Major-General Sir Isaac Brock is a rather impressive figure in the mythos of Canada. The unwilling lieutenant governor of the armpit of the British Empire, a man who longed for battle against the French and general thorn in the side of the Governor General. Brock would find himself elevated to the level of Folk Hero after he lied his way to victory against a demoralized and drunk American General. And despite nearly losing Upper Canada at Queenston still to this day wears the mantle of the Saviour of Upper Canada. A bust of Sir Isaac Brock in downtown Brockville, Ontario. The town changed its nameRead More →

A watershed event for the Canadians during the Anglo-American War of 1812. The tiny town of York, today’s Toronto, Ontario, was the colonial capital of Upper Canada, established in 1793 by John Graves Simcoe for the sole purpose of being further away from the American frontier. Despite the town’s status as the capital it was poorly regarded called Muddy York, a far cry from the seat of British power in North America, Quebec City. And while the town itself was far from a tactical target, it wasn’t a tactical target that US Army commander, Henry Dearborn, wanted following a series of American defeats in 1812.Read More →

Fort York, Toronto’s taste of the 19th-Century. Against all the odds this little haven of Toronto’s colonial history has survived multiple attempts to sweep it away with the Gardner Expressway and even a Streetcar line. And while it seems a little odd to find a fort this far back from the lakeshore, you have to remember that over 200 years ago the lakeshore and the area we know as Toronto was a far different place. When Sir John Graves Simcoe received his appointment as the colonial governor of Upper Canada one of his early actions saw the colonial capital, the capital at the time, Newark,Read More →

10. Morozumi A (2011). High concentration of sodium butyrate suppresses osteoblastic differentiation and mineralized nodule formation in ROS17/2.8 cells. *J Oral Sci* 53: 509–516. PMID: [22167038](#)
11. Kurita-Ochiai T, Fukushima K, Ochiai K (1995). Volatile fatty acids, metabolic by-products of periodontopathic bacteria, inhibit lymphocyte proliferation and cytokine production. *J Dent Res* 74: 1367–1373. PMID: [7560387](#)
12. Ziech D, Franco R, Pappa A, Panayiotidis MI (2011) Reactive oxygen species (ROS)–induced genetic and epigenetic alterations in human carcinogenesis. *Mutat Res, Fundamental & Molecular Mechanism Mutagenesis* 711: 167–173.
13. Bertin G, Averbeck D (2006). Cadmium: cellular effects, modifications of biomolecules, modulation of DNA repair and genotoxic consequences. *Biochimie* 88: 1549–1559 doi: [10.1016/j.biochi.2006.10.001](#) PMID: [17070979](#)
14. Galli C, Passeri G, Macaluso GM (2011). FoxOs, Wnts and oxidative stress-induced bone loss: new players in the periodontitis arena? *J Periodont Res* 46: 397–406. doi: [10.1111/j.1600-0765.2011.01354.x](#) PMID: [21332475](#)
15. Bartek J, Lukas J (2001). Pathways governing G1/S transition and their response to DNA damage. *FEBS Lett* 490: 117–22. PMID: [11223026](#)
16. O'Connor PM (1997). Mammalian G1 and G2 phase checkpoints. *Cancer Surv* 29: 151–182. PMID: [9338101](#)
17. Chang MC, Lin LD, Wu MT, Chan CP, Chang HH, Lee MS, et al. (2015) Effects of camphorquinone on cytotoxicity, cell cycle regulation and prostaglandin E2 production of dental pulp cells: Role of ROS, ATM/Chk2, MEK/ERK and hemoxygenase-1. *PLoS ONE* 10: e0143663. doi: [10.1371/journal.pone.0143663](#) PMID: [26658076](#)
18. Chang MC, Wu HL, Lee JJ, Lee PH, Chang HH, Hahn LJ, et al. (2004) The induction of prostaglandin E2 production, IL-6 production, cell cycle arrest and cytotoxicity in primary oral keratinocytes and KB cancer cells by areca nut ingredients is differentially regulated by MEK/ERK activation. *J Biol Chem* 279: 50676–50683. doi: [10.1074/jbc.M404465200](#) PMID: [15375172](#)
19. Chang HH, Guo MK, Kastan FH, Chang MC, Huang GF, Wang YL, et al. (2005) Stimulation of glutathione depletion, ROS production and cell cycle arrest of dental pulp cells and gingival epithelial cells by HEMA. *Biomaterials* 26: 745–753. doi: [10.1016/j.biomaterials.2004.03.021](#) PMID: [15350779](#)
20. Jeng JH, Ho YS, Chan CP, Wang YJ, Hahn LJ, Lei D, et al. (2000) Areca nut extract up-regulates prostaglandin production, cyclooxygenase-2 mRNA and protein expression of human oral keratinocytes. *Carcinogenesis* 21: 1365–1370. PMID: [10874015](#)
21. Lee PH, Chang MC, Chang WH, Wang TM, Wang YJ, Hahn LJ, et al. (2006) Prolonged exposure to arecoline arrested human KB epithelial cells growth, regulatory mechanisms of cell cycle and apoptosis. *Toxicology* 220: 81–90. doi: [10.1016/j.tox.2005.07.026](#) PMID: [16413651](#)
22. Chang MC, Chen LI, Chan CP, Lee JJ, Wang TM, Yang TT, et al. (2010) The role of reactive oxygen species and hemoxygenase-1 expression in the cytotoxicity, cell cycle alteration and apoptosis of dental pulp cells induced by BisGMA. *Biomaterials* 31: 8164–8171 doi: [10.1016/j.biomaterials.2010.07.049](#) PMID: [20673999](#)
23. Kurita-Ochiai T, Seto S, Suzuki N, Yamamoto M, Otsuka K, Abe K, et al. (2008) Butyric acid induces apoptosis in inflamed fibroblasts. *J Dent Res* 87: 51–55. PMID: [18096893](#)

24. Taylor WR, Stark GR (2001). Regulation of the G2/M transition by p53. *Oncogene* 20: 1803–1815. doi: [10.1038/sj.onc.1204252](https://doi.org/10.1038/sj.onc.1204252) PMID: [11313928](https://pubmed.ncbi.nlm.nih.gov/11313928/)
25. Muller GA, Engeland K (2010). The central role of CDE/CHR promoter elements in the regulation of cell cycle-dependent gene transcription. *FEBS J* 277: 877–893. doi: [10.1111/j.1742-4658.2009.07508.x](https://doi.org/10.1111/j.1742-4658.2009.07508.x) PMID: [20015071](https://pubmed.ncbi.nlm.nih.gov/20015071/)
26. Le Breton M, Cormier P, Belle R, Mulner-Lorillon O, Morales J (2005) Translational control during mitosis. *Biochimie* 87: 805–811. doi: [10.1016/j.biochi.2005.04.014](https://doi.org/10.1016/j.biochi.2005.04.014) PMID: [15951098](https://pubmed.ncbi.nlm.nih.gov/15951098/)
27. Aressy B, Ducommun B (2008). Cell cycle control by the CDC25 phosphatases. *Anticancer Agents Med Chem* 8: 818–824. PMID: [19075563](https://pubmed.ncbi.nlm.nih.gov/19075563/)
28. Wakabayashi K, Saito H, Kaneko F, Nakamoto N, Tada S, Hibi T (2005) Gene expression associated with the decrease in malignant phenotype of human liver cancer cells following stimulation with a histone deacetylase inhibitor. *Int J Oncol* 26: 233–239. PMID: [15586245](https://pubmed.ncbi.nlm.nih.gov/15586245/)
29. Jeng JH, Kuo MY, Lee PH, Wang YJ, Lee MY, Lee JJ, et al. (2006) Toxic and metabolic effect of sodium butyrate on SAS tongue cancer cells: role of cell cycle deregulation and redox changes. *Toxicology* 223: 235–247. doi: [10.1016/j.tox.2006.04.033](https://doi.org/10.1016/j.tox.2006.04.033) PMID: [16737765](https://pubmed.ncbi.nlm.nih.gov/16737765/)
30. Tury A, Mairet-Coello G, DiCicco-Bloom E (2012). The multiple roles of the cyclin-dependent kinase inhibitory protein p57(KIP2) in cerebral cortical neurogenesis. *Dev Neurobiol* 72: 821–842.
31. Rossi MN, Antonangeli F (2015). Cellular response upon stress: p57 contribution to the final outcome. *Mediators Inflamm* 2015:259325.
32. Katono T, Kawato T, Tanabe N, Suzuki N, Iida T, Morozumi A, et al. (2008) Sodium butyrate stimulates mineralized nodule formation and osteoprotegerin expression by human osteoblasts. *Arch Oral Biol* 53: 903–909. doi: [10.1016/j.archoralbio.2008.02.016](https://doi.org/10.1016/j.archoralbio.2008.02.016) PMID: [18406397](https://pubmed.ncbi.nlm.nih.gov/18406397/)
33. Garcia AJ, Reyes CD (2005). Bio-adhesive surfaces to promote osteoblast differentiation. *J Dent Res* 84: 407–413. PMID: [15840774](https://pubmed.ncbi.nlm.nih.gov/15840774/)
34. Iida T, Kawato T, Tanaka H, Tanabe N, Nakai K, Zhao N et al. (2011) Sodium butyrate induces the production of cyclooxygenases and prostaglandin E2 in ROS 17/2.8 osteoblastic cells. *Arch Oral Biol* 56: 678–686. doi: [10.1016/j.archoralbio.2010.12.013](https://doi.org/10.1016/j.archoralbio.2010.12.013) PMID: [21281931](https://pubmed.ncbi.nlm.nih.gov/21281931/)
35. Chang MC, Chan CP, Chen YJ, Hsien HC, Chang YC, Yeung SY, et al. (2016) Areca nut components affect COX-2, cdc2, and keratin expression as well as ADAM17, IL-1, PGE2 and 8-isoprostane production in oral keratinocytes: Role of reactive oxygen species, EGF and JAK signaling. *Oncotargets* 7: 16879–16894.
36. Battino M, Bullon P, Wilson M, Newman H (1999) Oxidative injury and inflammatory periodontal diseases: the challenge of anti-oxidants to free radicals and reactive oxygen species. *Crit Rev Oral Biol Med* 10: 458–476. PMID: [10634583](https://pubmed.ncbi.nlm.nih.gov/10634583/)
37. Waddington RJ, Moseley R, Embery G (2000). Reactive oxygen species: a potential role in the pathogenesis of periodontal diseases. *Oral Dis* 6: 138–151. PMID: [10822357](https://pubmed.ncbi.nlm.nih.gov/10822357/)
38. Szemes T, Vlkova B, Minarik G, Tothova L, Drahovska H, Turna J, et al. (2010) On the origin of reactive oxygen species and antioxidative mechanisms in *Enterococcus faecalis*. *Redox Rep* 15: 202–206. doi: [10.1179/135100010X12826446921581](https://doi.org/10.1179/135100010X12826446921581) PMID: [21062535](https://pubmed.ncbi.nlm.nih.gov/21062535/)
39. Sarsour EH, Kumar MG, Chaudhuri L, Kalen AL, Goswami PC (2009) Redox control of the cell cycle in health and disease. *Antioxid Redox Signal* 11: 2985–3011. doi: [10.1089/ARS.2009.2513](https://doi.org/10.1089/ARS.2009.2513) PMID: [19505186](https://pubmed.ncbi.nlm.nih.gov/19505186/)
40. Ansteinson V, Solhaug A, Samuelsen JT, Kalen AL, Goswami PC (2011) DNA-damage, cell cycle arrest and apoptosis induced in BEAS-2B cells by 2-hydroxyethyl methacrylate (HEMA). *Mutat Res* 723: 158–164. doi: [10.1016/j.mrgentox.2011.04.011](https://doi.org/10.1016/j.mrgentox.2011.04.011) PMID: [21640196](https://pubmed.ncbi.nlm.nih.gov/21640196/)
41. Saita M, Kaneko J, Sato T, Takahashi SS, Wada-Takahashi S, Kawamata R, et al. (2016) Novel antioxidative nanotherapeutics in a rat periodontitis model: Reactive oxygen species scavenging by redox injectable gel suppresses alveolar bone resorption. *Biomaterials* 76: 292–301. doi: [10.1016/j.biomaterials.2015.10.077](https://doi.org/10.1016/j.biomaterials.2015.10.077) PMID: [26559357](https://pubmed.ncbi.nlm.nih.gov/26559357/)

When the United States of America declared war on the British Empire, they knew they could not go toe to toe with the might of the British Navy. Instead, they invaded the closest British held territory, Upper, and Lower Canada. Not all the citizens in the British-controlled colony were on the side of the Empire, many in fact supported the American invasion and wanted to see the British influences in North America removed. Some left Upper Canada for the USA, and some others chose to help the Americans on the Canadian side of the border. Most citizens of Upper Canada supported the British Forces, manyRead More →

Welcome to the first entry in Project:1812. The Anglo-American War of 1812 a conflict born out of the greater Napoleonic War. The United States of America, a brand new nation on the world stage was already making ripples. Having little in the way of local manufacturing of goods they relied heavily on trade with the European powers, and the two biggest were England and France, two nations that had for the past several decades been in a constant state of war. So when economic warfare between the two heated up, the USA was caught in the middle. And did the best they could to stayRead More →